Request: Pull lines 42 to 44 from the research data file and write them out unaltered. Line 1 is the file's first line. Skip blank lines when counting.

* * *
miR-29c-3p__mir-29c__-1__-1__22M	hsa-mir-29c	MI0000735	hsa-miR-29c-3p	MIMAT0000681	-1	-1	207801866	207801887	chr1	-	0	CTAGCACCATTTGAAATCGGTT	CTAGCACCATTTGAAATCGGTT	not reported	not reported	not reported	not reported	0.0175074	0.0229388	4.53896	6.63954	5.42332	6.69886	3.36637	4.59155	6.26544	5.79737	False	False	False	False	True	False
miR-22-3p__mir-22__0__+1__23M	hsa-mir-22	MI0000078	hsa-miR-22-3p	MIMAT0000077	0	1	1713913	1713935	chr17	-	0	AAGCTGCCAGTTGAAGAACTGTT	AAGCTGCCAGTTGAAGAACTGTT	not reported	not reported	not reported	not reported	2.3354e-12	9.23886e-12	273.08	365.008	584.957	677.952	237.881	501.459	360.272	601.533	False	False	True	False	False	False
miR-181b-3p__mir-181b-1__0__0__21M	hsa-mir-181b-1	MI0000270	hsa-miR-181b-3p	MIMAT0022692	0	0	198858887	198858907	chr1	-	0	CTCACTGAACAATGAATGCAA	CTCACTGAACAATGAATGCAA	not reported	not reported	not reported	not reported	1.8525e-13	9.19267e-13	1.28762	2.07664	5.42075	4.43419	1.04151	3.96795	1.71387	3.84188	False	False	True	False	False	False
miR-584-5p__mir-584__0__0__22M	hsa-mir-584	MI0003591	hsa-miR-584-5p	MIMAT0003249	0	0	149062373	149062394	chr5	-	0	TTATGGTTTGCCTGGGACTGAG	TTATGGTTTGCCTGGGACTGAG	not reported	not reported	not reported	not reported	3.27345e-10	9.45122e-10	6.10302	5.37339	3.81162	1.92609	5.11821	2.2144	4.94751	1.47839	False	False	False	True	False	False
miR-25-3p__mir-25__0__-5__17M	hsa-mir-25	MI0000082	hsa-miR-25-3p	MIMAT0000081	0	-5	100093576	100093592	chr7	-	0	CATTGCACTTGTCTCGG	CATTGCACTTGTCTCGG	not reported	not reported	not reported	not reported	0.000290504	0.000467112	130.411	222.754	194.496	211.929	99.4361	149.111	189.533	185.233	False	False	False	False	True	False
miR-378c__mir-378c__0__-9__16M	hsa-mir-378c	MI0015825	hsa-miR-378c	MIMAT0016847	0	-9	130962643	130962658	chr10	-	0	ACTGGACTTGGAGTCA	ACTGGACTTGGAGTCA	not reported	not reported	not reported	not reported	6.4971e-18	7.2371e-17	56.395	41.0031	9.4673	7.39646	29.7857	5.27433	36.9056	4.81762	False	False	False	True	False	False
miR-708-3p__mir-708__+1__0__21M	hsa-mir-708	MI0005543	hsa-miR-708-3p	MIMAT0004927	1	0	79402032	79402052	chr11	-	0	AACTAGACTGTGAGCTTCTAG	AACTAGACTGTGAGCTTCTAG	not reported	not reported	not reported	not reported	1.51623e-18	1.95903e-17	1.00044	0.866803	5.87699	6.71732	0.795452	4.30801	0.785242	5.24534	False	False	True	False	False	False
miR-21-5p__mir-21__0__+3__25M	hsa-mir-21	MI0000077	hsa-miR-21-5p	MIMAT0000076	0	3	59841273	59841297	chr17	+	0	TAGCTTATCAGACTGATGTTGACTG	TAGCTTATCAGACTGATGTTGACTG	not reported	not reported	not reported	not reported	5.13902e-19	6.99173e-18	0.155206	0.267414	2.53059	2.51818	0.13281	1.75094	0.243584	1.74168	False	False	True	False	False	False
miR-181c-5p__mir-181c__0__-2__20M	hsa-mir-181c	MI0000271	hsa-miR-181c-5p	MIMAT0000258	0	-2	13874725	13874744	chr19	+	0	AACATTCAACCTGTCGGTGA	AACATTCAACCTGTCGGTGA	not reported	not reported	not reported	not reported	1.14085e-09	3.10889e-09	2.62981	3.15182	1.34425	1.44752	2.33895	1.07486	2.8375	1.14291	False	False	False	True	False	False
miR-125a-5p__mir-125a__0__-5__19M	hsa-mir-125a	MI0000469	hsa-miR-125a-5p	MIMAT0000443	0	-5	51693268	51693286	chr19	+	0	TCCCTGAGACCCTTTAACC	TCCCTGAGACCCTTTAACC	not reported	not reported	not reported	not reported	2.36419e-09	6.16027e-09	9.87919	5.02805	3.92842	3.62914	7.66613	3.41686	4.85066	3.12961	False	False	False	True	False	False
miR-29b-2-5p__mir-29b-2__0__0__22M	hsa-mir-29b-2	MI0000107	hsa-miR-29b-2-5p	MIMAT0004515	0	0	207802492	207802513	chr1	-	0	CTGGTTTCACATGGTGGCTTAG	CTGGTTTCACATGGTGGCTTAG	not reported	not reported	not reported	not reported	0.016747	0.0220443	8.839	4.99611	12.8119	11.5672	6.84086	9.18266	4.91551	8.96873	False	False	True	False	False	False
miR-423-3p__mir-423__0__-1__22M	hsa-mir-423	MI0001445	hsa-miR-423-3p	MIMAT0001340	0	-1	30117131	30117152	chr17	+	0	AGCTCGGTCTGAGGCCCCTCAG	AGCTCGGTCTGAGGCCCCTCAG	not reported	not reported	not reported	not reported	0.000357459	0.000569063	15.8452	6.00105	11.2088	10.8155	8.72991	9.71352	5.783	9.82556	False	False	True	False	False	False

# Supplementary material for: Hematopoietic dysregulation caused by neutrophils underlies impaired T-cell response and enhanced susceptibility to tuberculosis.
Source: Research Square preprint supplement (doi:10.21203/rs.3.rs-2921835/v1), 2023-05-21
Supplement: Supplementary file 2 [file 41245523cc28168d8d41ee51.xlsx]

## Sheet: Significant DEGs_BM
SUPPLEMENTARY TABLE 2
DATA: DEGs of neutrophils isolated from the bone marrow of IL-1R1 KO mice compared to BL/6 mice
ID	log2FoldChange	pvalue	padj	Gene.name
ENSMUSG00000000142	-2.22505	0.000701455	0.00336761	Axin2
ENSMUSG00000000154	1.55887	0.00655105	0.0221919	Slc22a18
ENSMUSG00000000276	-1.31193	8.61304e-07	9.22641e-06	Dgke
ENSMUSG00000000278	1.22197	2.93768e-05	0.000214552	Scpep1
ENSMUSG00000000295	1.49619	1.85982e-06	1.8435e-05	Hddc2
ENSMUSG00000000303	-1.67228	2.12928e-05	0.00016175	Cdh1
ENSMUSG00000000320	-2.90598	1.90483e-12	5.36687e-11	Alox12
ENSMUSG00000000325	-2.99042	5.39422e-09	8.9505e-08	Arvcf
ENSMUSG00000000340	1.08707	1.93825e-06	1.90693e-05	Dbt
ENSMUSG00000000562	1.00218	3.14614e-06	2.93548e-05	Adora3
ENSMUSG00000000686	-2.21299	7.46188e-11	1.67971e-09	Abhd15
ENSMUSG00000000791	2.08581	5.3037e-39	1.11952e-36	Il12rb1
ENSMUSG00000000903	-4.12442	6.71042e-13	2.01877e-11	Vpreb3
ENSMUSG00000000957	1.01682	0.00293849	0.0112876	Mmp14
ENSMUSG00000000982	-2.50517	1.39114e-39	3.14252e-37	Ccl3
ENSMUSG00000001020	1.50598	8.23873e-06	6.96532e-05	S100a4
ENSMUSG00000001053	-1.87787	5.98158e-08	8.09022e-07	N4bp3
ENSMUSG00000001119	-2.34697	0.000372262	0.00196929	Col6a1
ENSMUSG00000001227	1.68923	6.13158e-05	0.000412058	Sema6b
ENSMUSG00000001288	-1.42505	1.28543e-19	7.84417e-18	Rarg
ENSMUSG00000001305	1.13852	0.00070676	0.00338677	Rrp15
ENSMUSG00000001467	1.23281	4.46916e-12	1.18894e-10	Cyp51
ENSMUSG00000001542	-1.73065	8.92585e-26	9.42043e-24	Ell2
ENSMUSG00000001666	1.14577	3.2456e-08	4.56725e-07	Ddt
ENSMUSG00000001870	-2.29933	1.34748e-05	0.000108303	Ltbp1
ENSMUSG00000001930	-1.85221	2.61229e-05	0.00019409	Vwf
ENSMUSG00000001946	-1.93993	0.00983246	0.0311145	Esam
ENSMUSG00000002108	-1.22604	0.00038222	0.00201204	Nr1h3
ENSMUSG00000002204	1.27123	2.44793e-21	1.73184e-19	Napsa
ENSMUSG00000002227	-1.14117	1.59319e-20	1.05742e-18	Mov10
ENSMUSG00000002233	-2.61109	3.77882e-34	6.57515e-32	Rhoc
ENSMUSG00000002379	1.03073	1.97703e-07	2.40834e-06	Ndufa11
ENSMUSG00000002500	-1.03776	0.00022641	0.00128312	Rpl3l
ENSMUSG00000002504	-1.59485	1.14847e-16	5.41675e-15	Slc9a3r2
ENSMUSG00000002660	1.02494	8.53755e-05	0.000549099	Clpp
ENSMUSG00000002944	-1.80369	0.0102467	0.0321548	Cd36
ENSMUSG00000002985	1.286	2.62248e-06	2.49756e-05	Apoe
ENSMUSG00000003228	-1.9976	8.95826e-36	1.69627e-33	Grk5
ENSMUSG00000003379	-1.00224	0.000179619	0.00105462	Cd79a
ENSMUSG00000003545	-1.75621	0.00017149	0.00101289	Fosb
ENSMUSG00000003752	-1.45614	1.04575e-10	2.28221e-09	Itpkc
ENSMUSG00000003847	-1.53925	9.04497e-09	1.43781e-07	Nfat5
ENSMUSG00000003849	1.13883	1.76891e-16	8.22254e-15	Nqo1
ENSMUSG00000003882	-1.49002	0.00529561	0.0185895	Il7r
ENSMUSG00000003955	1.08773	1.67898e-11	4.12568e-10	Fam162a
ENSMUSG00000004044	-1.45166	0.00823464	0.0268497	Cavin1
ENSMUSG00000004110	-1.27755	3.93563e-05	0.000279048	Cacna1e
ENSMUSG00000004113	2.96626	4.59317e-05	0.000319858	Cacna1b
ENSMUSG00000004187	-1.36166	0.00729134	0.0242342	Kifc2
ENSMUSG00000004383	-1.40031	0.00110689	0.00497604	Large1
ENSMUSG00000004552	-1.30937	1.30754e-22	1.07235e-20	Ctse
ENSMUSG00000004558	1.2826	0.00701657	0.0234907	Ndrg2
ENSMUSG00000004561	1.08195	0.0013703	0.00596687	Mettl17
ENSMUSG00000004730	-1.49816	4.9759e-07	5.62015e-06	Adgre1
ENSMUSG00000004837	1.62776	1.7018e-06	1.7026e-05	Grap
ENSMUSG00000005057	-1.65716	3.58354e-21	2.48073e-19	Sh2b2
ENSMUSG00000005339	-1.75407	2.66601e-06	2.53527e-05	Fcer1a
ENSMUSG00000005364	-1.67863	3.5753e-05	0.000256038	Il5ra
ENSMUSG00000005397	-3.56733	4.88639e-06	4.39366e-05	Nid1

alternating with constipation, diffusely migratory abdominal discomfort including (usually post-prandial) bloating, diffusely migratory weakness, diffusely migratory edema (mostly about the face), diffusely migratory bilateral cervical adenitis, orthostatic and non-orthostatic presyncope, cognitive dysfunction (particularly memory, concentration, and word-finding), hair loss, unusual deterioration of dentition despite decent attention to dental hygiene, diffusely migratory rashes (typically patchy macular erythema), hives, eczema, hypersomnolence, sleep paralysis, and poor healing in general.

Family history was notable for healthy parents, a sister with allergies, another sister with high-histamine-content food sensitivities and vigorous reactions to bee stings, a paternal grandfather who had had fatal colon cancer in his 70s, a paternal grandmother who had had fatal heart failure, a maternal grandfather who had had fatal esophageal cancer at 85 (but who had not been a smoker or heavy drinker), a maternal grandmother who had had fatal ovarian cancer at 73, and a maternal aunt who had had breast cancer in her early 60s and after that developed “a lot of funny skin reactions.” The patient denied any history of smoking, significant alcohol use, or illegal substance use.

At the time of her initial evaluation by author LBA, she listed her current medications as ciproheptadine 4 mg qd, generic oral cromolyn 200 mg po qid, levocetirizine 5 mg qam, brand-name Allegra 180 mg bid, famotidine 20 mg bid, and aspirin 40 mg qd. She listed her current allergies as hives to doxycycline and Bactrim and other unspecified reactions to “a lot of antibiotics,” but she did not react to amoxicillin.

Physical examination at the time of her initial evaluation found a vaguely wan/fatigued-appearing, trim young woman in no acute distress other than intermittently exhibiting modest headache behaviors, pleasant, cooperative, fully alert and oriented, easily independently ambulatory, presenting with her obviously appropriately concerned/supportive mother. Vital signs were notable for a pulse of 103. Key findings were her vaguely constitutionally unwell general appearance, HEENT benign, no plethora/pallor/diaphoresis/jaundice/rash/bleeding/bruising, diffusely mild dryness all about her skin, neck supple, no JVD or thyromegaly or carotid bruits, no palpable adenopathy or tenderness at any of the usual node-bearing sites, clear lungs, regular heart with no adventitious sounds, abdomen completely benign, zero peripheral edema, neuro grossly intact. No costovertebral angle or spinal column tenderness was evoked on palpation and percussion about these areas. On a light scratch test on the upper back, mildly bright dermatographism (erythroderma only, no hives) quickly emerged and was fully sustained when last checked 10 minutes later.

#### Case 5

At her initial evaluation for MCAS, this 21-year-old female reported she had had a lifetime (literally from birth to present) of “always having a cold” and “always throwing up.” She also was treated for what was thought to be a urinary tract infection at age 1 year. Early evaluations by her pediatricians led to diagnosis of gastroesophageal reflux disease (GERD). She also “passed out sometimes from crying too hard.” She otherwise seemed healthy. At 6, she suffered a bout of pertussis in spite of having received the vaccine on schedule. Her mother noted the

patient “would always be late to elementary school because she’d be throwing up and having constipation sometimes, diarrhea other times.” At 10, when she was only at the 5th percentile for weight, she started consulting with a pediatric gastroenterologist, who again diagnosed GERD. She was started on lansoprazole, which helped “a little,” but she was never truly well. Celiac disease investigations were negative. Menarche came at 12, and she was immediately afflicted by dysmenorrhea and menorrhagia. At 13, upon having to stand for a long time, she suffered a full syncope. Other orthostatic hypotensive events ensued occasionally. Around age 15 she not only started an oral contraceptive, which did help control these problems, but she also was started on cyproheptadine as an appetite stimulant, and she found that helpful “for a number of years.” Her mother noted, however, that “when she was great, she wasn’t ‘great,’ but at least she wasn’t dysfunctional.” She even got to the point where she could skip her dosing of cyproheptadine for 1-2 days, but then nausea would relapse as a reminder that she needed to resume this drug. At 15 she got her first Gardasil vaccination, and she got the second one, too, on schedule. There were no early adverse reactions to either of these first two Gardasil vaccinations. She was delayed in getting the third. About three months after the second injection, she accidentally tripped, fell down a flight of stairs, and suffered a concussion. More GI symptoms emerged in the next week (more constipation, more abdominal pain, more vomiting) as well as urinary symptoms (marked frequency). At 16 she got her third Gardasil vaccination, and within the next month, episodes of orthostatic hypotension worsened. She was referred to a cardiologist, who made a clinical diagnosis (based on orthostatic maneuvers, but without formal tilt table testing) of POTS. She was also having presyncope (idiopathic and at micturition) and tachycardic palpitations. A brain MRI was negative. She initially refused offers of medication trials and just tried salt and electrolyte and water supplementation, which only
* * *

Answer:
ENSMUSG00000001542	-1.73065	8.92585e-26	9.42043e-24	Ell2
ENSMUSG00000001666	1.14577	3.2456e-08	4.56725e-07	Ddt
ENSMUSG00000001870	-2.29933	1.34748e-05	0.000108303	Ltbp1